“Look how much money they’ve raised already,” said Sam Nunberg, an adviser who worked on the early stages of Trump’s 2016 campaign.

Nunberg added, regarding the GOP 2024 primary, “I think it’d be a very, very difficult proposition to beat him. You’ll have others that are going to claim they don’t care. But, I mean, who’s going to beat him — Nikki HaleyNikki HaleyThe 10 Republicans most likely to run for president Will — or should — Kamala Harris become the Spiro Agnew of 2022? Haley has 'positive' meeting with Trump MORE?”

The former South Carolina governor is one of the names most often cited as a 2020 contender, even as some in Trump’s orbit disparage her as ill-suited to carrying forward his populist mantle.

A potential Trump candidacy is a headache for other potential candidates who might otherwise hope to win over his voters. Sens. Ted CruzRafael (Ted) Edward CruzO'Rourke says he raised record .2M since launching campaign for Texas governor Golden State Warriors owner says 'nobody cares' about Uyghurs All hostages free, safe after hours-long standoff at Texas synagogue: governor MORE (R-Texas) and Josh HawleyJoshua (Josh) David HawleyTwo-thirds of Americans support banning lawmakers from trading stocks: poll Hawley says he would have opposed resolution to honor Capitol workers on Jan. 6 Hawley introduces bill banning lawmakers from making stock trades in office MORE (R-Mo.), as well as Florida Gov. Ron DeSantisRon DeSantisThe Hill's 12:30 Report: Dems barrel towards voting rights vote with no outcome The Hill's Morning Report - Presented by Facebook - Voting rights week for Democrats (again) Trump-DeSantis tensions ratchet up MORE (R), all broadly fit that description.

There is plenty of skepticism about a Trump comeback in Republican circles too, however.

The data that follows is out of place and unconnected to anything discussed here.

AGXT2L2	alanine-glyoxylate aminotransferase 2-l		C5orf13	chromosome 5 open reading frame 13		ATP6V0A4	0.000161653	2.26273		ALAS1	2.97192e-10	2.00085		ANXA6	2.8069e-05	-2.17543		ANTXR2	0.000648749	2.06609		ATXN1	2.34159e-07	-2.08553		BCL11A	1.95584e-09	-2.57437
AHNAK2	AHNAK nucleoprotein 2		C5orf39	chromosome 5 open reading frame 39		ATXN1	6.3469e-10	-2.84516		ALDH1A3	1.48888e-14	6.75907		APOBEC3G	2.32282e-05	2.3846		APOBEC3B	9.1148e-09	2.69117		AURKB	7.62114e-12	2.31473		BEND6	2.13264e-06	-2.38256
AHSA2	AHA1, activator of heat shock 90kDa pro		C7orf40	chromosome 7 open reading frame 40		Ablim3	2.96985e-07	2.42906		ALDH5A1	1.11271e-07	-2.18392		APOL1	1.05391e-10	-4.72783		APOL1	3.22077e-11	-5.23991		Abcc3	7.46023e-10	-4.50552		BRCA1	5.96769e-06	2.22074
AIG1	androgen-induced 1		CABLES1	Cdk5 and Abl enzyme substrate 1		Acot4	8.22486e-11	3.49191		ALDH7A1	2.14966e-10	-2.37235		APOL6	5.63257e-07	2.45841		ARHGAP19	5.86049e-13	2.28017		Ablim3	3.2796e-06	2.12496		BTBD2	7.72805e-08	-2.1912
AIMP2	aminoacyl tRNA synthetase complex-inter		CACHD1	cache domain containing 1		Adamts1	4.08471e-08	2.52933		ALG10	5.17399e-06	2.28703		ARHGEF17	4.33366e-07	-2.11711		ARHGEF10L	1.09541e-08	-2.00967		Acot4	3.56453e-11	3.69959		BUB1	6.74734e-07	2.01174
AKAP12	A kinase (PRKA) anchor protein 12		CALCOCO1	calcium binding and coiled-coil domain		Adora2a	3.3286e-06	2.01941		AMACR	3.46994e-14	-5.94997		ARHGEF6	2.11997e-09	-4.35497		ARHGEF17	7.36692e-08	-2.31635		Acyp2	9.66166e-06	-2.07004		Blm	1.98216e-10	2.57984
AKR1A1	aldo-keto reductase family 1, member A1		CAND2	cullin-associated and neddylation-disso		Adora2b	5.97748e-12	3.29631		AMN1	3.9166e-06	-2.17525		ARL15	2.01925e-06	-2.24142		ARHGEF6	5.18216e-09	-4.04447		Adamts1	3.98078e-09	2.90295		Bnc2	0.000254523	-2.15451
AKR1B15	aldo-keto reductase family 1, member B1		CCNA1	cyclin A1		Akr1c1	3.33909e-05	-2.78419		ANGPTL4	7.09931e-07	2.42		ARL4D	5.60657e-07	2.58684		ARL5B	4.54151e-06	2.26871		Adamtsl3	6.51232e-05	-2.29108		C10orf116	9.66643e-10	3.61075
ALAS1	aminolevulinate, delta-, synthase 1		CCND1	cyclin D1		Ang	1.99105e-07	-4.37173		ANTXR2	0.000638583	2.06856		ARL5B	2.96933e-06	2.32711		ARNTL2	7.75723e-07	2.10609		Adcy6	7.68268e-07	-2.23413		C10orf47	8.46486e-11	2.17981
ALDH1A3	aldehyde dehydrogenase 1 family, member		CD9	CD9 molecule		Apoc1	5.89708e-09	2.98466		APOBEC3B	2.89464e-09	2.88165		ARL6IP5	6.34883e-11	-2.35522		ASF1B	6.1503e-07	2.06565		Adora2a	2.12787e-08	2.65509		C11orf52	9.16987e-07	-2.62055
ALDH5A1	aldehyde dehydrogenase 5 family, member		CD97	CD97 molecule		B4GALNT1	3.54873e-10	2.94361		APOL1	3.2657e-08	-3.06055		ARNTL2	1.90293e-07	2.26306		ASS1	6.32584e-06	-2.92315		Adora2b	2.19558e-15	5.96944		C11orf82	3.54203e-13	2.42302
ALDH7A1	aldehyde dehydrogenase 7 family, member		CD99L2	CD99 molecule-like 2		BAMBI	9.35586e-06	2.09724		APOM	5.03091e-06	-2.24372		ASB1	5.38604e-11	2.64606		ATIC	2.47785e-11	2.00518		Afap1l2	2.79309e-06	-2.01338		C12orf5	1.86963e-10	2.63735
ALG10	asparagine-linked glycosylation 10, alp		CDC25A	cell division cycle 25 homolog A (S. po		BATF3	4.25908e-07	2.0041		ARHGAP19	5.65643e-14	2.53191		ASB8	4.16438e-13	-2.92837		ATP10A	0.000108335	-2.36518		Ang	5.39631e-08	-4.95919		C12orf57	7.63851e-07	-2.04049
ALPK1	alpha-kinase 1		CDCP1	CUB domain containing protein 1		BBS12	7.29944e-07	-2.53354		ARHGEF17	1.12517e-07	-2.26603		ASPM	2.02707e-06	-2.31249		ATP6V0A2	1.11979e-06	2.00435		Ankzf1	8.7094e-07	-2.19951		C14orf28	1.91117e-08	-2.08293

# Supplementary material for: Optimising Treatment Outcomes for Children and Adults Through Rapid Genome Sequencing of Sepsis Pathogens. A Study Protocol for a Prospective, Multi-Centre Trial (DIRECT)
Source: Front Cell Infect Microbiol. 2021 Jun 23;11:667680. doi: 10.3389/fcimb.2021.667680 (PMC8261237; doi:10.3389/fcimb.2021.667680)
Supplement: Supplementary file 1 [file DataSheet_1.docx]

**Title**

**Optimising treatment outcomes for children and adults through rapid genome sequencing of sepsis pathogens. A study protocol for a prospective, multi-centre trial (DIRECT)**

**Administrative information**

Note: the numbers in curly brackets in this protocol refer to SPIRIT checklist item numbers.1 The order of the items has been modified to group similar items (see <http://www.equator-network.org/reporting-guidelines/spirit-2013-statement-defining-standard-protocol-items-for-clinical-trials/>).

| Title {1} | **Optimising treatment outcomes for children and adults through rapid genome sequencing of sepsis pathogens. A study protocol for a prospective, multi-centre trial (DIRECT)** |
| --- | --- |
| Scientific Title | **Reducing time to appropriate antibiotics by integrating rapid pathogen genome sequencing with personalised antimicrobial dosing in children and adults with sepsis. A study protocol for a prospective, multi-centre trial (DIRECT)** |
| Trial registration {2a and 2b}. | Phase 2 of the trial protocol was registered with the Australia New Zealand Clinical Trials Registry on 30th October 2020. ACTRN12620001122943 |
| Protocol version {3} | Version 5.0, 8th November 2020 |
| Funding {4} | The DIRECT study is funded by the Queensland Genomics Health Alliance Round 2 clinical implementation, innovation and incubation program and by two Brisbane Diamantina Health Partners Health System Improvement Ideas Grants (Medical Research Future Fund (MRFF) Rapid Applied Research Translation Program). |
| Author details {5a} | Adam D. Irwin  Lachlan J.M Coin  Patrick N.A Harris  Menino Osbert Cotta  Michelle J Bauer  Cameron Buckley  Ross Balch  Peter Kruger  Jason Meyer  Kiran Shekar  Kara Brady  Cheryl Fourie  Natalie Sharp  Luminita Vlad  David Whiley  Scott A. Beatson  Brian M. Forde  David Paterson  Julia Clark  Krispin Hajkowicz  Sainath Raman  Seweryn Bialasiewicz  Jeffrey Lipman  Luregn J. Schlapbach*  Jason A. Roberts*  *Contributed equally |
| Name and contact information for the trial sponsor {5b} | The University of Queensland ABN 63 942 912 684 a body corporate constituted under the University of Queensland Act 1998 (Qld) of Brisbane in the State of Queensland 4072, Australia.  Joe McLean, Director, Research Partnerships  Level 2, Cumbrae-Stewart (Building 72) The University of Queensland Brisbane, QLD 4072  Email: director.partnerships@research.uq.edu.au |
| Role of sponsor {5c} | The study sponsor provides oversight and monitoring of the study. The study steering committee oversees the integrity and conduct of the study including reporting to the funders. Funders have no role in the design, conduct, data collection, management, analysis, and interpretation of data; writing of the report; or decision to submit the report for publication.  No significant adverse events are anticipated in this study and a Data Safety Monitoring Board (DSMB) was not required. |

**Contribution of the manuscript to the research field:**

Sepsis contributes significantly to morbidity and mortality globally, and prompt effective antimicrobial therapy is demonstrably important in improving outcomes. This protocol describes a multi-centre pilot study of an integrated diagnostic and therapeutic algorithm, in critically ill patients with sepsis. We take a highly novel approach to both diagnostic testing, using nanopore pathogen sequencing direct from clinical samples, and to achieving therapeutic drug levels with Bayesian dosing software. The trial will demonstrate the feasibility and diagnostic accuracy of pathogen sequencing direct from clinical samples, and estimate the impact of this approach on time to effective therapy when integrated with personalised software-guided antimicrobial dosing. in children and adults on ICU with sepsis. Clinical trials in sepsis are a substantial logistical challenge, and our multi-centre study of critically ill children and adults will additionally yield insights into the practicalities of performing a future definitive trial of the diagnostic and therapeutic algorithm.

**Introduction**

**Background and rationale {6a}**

One question that resurfaces again and again is whether Trump really has the appetite to put himself through another election campaign. He will be 78 on Election Day 2024. Many people see the gossip about a run as a publicity gambit, meant to maintain Trump’s relevance and media profile. 

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Then there is the debate about whether Trump’s dominance over the party will fade with time. 

“The second he becomes an ex-president, how much attention is he going to get compared to what he does now?” said Doug Heye, a former communications director for the Republican National Committee. “In February, he can’t veto a bill or fire anybody at the Department of Justice. So when he tweets something, how much attention does that get?”

Another Republican strategist, Liz Mair, said she was “incredulous” at the thought of the party choosing Trump as its standard-bearer again in 2024. Mair acknowledged that Trump still had his loyal base, but she also questioned the degree to which he could expand beyond it.

“He has a very high floor and a very low ceiling — that’s the challenge,” she said. 

She also had a starker observation. 

“Republicans generally aren’t big fans of losers. They want to move on,” she said.

Whether they want to move on from Trump, however, is a much more complicated question. 

The Memo is a reported column by Niall Stanage, primarily focused on Donald Trump’s presidency.